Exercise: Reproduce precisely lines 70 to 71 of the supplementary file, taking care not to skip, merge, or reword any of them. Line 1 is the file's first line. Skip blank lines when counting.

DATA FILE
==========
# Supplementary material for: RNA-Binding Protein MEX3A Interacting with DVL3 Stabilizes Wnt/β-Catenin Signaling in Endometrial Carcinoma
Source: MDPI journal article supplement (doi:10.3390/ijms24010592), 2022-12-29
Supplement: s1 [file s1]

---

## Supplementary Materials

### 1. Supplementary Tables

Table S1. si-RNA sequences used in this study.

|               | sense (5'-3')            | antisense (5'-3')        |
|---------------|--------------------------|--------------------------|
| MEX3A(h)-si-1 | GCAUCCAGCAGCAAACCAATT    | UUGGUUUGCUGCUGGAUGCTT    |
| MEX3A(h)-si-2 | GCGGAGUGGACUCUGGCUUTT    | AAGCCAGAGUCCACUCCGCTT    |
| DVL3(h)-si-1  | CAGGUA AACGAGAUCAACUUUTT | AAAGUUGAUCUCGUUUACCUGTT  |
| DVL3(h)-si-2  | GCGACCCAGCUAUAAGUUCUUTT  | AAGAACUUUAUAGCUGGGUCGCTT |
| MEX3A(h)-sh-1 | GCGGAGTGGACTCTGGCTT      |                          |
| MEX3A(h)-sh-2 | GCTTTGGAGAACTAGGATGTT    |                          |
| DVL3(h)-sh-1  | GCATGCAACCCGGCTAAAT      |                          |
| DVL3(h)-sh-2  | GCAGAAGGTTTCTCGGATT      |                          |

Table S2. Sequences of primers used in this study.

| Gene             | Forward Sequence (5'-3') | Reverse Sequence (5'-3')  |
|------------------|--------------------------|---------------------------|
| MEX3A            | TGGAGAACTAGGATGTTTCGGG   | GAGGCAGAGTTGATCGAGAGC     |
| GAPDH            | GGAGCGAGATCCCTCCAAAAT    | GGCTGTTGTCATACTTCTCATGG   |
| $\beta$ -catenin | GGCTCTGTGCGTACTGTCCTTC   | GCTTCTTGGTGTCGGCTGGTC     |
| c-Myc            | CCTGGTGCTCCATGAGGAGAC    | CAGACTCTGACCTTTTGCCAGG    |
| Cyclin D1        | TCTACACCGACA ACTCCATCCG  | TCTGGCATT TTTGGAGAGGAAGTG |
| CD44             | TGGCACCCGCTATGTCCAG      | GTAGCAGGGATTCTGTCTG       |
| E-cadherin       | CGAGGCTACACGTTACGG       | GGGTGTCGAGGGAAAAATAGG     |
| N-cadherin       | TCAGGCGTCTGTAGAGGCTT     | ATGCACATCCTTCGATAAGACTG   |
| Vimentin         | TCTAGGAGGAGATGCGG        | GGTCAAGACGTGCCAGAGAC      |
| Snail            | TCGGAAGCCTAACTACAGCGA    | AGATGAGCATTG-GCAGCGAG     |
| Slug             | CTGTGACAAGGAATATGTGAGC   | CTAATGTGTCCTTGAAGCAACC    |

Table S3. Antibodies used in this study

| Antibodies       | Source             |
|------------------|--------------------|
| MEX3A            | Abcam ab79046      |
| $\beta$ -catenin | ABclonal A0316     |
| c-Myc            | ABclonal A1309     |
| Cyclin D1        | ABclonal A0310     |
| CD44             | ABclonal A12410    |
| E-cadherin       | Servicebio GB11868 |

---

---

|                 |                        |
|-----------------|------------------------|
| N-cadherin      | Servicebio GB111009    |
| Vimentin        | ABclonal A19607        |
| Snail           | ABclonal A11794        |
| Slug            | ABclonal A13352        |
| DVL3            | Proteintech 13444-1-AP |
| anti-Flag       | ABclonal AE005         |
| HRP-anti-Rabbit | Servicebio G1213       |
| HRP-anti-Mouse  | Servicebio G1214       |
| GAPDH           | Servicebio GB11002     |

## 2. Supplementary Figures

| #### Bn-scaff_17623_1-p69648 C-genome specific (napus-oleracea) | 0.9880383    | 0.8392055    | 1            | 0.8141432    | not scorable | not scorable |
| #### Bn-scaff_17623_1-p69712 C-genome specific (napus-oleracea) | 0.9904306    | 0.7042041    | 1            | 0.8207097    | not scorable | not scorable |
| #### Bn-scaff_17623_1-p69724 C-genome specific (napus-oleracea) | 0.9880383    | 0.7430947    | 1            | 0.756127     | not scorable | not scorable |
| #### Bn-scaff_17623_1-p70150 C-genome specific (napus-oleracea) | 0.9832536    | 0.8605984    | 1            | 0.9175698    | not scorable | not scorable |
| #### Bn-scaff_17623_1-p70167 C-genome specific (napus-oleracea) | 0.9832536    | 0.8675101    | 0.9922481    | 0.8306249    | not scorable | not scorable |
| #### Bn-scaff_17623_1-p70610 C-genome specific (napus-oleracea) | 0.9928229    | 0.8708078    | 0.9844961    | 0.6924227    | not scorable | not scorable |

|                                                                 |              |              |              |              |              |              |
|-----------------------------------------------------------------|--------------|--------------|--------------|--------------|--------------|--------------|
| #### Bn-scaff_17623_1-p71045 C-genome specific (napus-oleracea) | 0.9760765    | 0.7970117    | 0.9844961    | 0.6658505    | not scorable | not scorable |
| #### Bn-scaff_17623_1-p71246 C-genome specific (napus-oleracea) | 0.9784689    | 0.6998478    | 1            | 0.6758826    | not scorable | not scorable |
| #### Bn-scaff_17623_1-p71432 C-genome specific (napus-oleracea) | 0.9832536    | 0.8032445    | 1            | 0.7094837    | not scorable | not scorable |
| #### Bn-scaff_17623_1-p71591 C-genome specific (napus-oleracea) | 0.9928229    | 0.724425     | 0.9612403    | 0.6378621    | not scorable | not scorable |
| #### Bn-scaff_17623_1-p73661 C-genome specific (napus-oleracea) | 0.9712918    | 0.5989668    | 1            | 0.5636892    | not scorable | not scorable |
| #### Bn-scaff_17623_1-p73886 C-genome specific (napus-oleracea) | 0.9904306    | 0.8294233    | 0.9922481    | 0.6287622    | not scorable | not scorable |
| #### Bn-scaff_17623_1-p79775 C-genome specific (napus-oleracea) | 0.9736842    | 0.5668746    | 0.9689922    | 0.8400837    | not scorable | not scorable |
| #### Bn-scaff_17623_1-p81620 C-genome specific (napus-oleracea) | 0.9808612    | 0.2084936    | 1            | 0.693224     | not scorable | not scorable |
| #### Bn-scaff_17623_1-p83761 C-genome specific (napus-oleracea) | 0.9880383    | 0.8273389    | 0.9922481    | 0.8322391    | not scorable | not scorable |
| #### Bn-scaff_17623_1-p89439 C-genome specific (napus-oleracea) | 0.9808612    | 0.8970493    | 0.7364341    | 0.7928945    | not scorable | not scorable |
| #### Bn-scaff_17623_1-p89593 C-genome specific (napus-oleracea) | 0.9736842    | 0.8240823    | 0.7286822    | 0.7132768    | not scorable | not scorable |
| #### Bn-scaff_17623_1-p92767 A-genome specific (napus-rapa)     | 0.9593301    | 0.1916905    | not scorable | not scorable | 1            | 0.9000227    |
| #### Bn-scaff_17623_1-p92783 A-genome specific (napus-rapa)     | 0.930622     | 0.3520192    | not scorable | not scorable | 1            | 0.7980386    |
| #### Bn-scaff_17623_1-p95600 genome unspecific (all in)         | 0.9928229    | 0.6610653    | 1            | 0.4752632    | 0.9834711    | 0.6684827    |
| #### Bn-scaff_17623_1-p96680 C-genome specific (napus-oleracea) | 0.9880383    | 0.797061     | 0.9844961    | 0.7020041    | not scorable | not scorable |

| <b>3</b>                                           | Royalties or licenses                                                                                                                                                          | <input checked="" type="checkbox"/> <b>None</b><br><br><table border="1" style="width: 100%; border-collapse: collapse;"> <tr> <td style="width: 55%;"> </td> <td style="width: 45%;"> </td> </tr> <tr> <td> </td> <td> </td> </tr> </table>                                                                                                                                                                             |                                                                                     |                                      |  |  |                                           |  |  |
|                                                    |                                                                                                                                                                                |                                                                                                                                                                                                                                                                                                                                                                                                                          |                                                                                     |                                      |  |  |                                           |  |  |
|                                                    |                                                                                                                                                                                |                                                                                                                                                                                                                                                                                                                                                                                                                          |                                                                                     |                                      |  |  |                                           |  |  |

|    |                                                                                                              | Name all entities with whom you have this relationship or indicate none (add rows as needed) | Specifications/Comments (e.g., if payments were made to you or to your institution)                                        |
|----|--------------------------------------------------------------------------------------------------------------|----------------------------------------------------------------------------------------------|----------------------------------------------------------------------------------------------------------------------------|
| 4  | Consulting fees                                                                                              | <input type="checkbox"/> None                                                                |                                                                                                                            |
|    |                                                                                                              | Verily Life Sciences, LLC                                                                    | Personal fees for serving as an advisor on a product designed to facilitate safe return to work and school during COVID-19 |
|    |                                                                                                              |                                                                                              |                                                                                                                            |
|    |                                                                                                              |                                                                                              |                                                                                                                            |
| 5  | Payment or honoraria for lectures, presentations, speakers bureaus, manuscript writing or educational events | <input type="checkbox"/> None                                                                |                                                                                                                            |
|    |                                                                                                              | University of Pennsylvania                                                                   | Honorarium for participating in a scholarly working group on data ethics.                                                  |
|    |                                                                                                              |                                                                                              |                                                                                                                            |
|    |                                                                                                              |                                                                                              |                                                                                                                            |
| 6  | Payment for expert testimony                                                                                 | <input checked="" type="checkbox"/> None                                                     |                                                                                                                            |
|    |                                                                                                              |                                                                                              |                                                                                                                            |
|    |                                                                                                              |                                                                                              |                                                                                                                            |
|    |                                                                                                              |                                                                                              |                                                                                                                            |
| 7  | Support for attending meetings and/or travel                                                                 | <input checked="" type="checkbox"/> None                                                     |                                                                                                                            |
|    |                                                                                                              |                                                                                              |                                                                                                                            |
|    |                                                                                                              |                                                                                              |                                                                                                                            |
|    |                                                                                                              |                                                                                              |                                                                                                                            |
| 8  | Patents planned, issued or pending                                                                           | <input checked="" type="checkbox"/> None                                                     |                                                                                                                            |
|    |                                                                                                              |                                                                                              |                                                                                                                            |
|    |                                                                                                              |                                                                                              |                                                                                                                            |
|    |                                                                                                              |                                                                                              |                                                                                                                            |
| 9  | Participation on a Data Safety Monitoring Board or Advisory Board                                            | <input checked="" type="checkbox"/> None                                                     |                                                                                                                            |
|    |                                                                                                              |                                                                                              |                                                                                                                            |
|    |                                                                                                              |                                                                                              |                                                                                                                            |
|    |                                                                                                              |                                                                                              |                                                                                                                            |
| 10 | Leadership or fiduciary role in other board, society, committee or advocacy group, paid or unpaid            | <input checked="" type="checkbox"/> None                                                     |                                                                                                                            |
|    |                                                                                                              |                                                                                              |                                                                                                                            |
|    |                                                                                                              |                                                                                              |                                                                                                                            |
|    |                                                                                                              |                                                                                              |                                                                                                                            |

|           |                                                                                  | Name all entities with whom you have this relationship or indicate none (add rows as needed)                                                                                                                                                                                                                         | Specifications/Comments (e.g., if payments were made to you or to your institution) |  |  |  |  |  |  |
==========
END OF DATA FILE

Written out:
| #### Bn-scaff_17623_1-p81620 C-genome specific (napus-oleracea) | 0.9808612    | 0.2084936    | 1            | 0.693224     | not scorable | not scorable |
| #### Bn-scaff_17623_1-p83761 C-genome specific (napus-oleracea) | 0.9880383    | 0.8273389    | 0.9922481    | 0.8322391    | not scorable | not scorable |